A plasmid is a small, extrachromosomal DNA molecule within a cell that is physically separated from chromosomal DNA and can replicate independently. They are most commonly found as small circular, double-stranded DNA molecules in bacteria; however, plasmids are sometimes present in archaea and eukaryotic organisms. In nature, plasmids often carry genes that benefit the survival of the organism and confer selective advantage such as antibiotic resistance. While chromosomes are large and contain all the essential genetic information for living under normal conditions, plasmids are usually very small and contain only additional genes that may be useful in certain situations or conditions. Artificial plasmids are widely used as vectors in molecular cloning, serving to drive the replication of recombinant DNA sequences within host organisms. In the laboratory, plasmids may be introduced into a cell via transformation.
Plasmids are considered replicons, units of DNA capable of replicating autonomously within a suitable host. However, plasmids, like viruses, are not generally classified as life. Plasmids are transmitted from one bacterium to another (even of another species) mostly through conjugation. This host-to-host transfer of genetic material is one mechanism of horizontal gene transfer, and plasmids are considered part of the mobilome. Unlike viruses, which encase their genetic material in a protective protein coat called a capsid, plasmids are "naked" DNA and do not encode genes necessary to encase the genetic material for transfer to a new host; however, some classes of plasmids encode the conjugative "sex" pilus necessary for their own transfer. The size of the plasmid varies from 1 to over 200 kbp, and the number of identical plasmids in a single cell can range anywhere from one to thousands under some circumstances.
The term plasmid was introduced in 1952 by the American molecular biologist Joshua Lederberg to refer to "any extrachromosomal hereditary determinant." The term's early usage included any bacterial genetic material that exists extrachromosomally for at least part of its replication cycle, but because that description includes bacterial viruses, the notion of plasmid was refined over time to comprise genetic elements that reproduce autonomously. Later in 1968, it was decided that the term plasmid should be adopted as the term for extrachromosomal genetic element, and to distinguish it from viruses, the definition was narrowed to genetic elements that exist exclusively or predominantly outside of the chromosome and can replicate autonomously.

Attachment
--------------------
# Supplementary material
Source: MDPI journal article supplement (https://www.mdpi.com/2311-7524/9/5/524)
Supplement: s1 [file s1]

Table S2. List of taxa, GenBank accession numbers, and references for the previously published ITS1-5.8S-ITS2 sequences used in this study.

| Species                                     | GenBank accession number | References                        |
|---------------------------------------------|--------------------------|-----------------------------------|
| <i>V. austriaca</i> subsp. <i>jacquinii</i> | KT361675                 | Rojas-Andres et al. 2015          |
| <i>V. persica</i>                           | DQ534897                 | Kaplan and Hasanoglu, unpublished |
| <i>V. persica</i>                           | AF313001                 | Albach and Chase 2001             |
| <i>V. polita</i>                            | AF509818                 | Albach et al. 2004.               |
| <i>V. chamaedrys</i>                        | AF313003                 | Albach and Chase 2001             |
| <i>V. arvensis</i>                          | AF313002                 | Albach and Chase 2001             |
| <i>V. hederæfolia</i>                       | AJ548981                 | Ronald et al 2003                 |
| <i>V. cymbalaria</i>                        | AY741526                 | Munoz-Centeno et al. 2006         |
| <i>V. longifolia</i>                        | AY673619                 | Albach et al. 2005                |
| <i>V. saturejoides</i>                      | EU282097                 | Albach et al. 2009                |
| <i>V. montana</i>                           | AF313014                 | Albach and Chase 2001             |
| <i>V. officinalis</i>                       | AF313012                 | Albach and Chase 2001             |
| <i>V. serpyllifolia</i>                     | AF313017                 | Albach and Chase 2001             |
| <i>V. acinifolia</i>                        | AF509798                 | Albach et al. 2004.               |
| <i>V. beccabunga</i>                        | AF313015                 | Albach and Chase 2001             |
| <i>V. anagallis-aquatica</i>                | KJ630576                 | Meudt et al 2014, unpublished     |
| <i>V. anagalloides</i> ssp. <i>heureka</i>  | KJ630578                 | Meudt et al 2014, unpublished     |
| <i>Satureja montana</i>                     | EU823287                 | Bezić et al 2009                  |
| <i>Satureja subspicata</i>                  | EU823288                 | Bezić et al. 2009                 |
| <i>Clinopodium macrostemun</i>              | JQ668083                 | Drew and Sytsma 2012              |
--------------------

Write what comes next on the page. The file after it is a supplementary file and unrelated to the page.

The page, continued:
Properties and characteristicsEdit
In order for plasmids to replicate independently within a cell, they must possess a stretch of DNA that can act as an origin of replication. The self-replicating unit, in this case, the plasmid, is called a replicon. A typical bacterial replicon may consist of a number of elements, such as the gene for plasmid-specific replication initiation protein (Rep), repeating units called iterons, DnaA boxes, and an adjacent AT-rich region. Smaller plasmids make use of the host replicative enzymes to make copies of themselves, while larger plasmids may carry genes specific for the replication of those plasmids. A few types of plasmids can also insert into the host chromosome, and these integrative plasmids are sometimes referred to as episomes in prokaryotes.
Plasmids almost always carry at least one gene. Many of the genes carried by a plasmid are beneficial for the host cells, for example: enabling the host cell to survive in an environment that would otherwise be lethal or restrictive for growth. Some of these genes encode traits for antibiotic resistance or resistance to heavy metal, while others may produce virulence factors that enable a bacterium to colonize a host and overcome its defences or have specific metabolic functions that allow the bacterium to utilize a particular nutrient, including the ability to degrade recalcitrant or toxic organic compounds. Plasmids can also provide bacteria with the ability to fix nitrogen. Some plasmids, however, have no observable effect on the phenotype of the host cell or its benefit to the host cells cannot be determined, and these plasmids are called cryptic plasmids.
Naturally occurring plasmids vary greatly in their physical properties. Their size can range from very small mini-plasmids of less than 1-kilobase pairs (Kbp) to very large megaplasmids of several megabase pairs (Mbp). At the upper end, little differs between a megaplasmid and a minichromosome. Plasmids are generally circular, but examples of linear plasmids are also known. These linear plasmids require specialized mechanisms to replicate their ends.
Plasmids may be present in an individual cell in varying number, ranging from one to several hundreds. The normal number of copies of plasmid that may be found in a single cell is called the Plasmid copy number, and is determined by how the replication initiation is regulated and the size of the molecule. Larger plasmids tend to have lower copy numbers. Low-copy-number plasmids that exist only as one or a few copies in each bacterium are, upon cell division, in danger of being lost in one of the segregating bacteria. Such single-copy plasmids have systems that attempt to actively distribute a copy to both daughter cells. These systems, which include the parABS system and parMRC system, are often referred to as the partition system or partition function of a plasmid.